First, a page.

Last summer I participated in a fun blog hop for writers and illustrators and generally interesting folk. The inimitable Shelley Sackier tagged me to participate in this year’s hop, and I was excited to join.
Shelley Sackier is a bone-tired woman who faces a daily insurmountable amount of laundering and cleaning of crockery. These tasks are generated mostly by her faithful hound who is an unusual mixed breed of part highland cow and part wooly mammoth. She owns two children who also tax her with the insatiable need for full bellies and clean underwear. And she accomplishes these undertakings with nothing more than the assistance of her teeth.
With her hands, she is free to idle away her hours writing middle grade and young adult contemporary and historical fiction. June 2015 is the date her publishers have set as the unleashing of her book Dear Opl, a humorous look at grief, obesity, and diabetes; a tagline her editors refuse to acknowledge as marketable.
To learn more about Shelley, visit Peakperspective.com where she blogs weekly about living on a small farm atop a mountain in the Blue Ridge and how it’s easiest to handle most of it with home grown food, a breathless adoration for tractors, and a large dose of single malt scotch.
And now, to the questions!
1. What am I working on?
I’m finishing up revisions on A FINE BRUSH FOR MEMORY, a YA historical novel about a girl who longs to break free of the societal restrictions of 1883 Cleveland to become a painter. It’s based on letters my great-great-grandmother wrote while traveling in Europe in the 1890s, and you can read more about it here. Once the revisions are finished, it’s off on submission to agents.
Meanwhile, I’ve started research for a new YA project, this one more in the steampunk vein. It’s early days yet, but I can reveal that it involves wealthy Gilded Age industrialists, ambitious inventors, African American reporters, and a girl searching for the truth about her father.
2. How does my work differ from others in this genre?
While I love the fancy dresses and elaborate parties of history (who doesn’t?), I like exploring the lives of everyday people in history. My first book features a solidly middle-class family with no particular ambitions. I also focus on relationships other than the “best friend,” because my experience in high school didn’t always match up with the typical friendships represented in YA fiction.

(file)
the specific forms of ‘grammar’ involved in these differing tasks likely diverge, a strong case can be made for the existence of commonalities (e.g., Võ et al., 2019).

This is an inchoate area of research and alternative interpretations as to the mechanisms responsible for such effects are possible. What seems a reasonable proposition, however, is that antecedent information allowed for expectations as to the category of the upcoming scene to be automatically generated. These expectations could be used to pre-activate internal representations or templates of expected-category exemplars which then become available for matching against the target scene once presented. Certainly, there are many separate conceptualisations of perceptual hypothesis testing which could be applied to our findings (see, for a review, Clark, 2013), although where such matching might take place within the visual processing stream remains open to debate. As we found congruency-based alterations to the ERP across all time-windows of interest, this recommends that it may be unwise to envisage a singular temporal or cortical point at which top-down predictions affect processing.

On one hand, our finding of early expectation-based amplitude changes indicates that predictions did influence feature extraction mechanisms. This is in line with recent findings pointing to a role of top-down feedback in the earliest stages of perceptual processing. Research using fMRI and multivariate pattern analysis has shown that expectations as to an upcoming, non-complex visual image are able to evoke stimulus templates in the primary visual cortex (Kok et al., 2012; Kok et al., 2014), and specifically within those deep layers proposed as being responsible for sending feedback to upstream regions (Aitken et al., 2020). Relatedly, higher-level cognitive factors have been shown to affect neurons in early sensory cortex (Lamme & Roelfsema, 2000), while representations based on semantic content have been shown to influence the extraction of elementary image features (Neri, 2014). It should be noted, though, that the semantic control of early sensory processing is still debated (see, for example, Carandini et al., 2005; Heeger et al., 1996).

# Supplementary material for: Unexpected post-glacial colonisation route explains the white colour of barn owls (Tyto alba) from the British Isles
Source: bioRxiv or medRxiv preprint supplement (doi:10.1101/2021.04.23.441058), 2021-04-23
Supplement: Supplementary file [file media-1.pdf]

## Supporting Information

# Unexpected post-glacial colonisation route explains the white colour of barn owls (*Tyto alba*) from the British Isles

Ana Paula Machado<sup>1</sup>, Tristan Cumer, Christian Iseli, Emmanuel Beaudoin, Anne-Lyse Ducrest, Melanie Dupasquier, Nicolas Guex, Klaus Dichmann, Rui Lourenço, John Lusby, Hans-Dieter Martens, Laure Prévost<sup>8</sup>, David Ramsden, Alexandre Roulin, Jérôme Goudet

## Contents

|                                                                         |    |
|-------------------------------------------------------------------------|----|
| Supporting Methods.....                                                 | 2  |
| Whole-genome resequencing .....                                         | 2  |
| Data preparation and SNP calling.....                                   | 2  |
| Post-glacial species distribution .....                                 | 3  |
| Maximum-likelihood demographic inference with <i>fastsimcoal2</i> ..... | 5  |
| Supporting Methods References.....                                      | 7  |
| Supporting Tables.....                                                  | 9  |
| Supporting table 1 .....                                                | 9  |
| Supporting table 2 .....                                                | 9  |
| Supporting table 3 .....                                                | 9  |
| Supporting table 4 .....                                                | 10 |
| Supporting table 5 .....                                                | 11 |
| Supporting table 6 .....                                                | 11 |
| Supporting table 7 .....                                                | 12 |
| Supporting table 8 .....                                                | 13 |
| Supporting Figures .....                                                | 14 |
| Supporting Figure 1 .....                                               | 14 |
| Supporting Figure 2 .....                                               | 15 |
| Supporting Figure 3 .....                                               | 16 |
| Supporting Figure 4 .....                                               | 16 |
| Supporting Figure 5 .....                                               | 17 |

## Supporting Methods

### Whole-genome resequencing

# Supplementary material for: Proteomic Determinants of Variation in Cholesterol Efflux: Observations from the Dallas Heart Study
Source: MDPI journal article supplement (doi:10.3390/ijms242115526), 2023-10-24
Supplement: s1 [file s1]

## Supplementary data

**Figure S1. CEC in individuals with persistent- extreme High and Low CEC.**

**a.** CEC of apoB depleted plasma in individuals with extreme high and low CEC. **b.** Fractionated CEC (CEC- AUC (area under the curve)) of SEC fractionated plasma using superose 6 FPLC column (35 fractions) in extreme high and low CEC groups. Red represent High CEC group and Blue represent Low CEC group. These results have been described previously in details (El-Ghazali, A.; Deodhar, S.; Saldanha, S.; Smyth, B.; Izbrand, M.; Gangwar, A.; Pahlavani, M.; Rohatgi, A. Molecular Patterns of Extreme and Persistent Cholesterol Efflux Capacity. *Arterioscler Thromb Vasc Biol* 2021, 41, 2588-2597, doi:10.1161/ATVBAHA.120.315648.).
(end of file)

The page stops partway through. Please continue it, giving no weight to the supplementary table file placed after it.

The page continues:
3. Why do I write what I do?
If you haven’t guessed by now, I love history. And teaching has shown me that a personal connection can get kids interested in history. I want to write books that bring characters of another time period to vivid life. I’m committed to accuracy, both in physical details and emotional attitudes. There are a lot of historical novels that feature 21st-century characters in old-fashioned clothes, and it drives me nuts. I think it’s possible to write fun, engaging books that bridge the centuries without sacrificing too much accuracy.
4. How does your writing process work?
Broadly, I like to do a bunch of research (more than I need to…it’s just so addictive!) to get a sense of the era. This involves reading general histories, then diving into specific secondary sources, biographies, and archival research for primary sources. After that I spend a lot of time thinking about the characters and the plot, jotting down ideas in a notebook reserved for that project. When I’m basically procrastinating, I start writing. And if it weren’t for my critique group, I would keep perfecting the first few chapters without actually getting anywhere. They keep me on deadline, so I write a draft, then return to revise it once the whole thing’s done. (It wasn’t always that way…see marvelous critique group for that!)
And now, a fresh crop of talent!
Gaia Cornwall and I are in the same wonderful critique group mentioned above.
Gaia Cornwall is an illustrator in Providence, Rhode Island, who loves making patterns for surface design, illustrating for children, and most recently, writing picture books. Her images can be seen in magazines, online, in logos, on various products, and even in a couple movies.
You can find her at gaiacornwall.com.
Stephani Eaton and I met at the February SCBWI conference in New York, where we shared a great conversation about historical fiction and our works in progress.
A former teacher, and now mom of two, Stephani writes for the middle grade child. She loves sharing her enthusiasm for the written word in all settings: book clubs, Bible study, over lunch with a good friend, in the check-out line with strangers or with kids at the school book fair. Currently she is writing a time travel story of the relationship between a young girl and her grandmother amidst the ravages of Alzheimer’s. She lives in Winston-Salem, North Carolina, with her family. Please visit her at stephanieaton.com.
Check out their sites in the next few weeks to see what they’re working on. Thanks, Shelley, for tagging me in!
2 thoughts on “Spring blog hop!”
I always love hearing about other people’s writing processes/projects. What you’re working on sounds so interesting. Thanks for sharing!
Another blog hop done and dusted, Abby–and another lovely post under your belt. I look forward to hearing about the ever increasing movement forward on the manuscript. Thus far, it has me happily anticipating more.
And I look forward to checking out your highlighted talent–two women who sound as if they have ample talent indeed!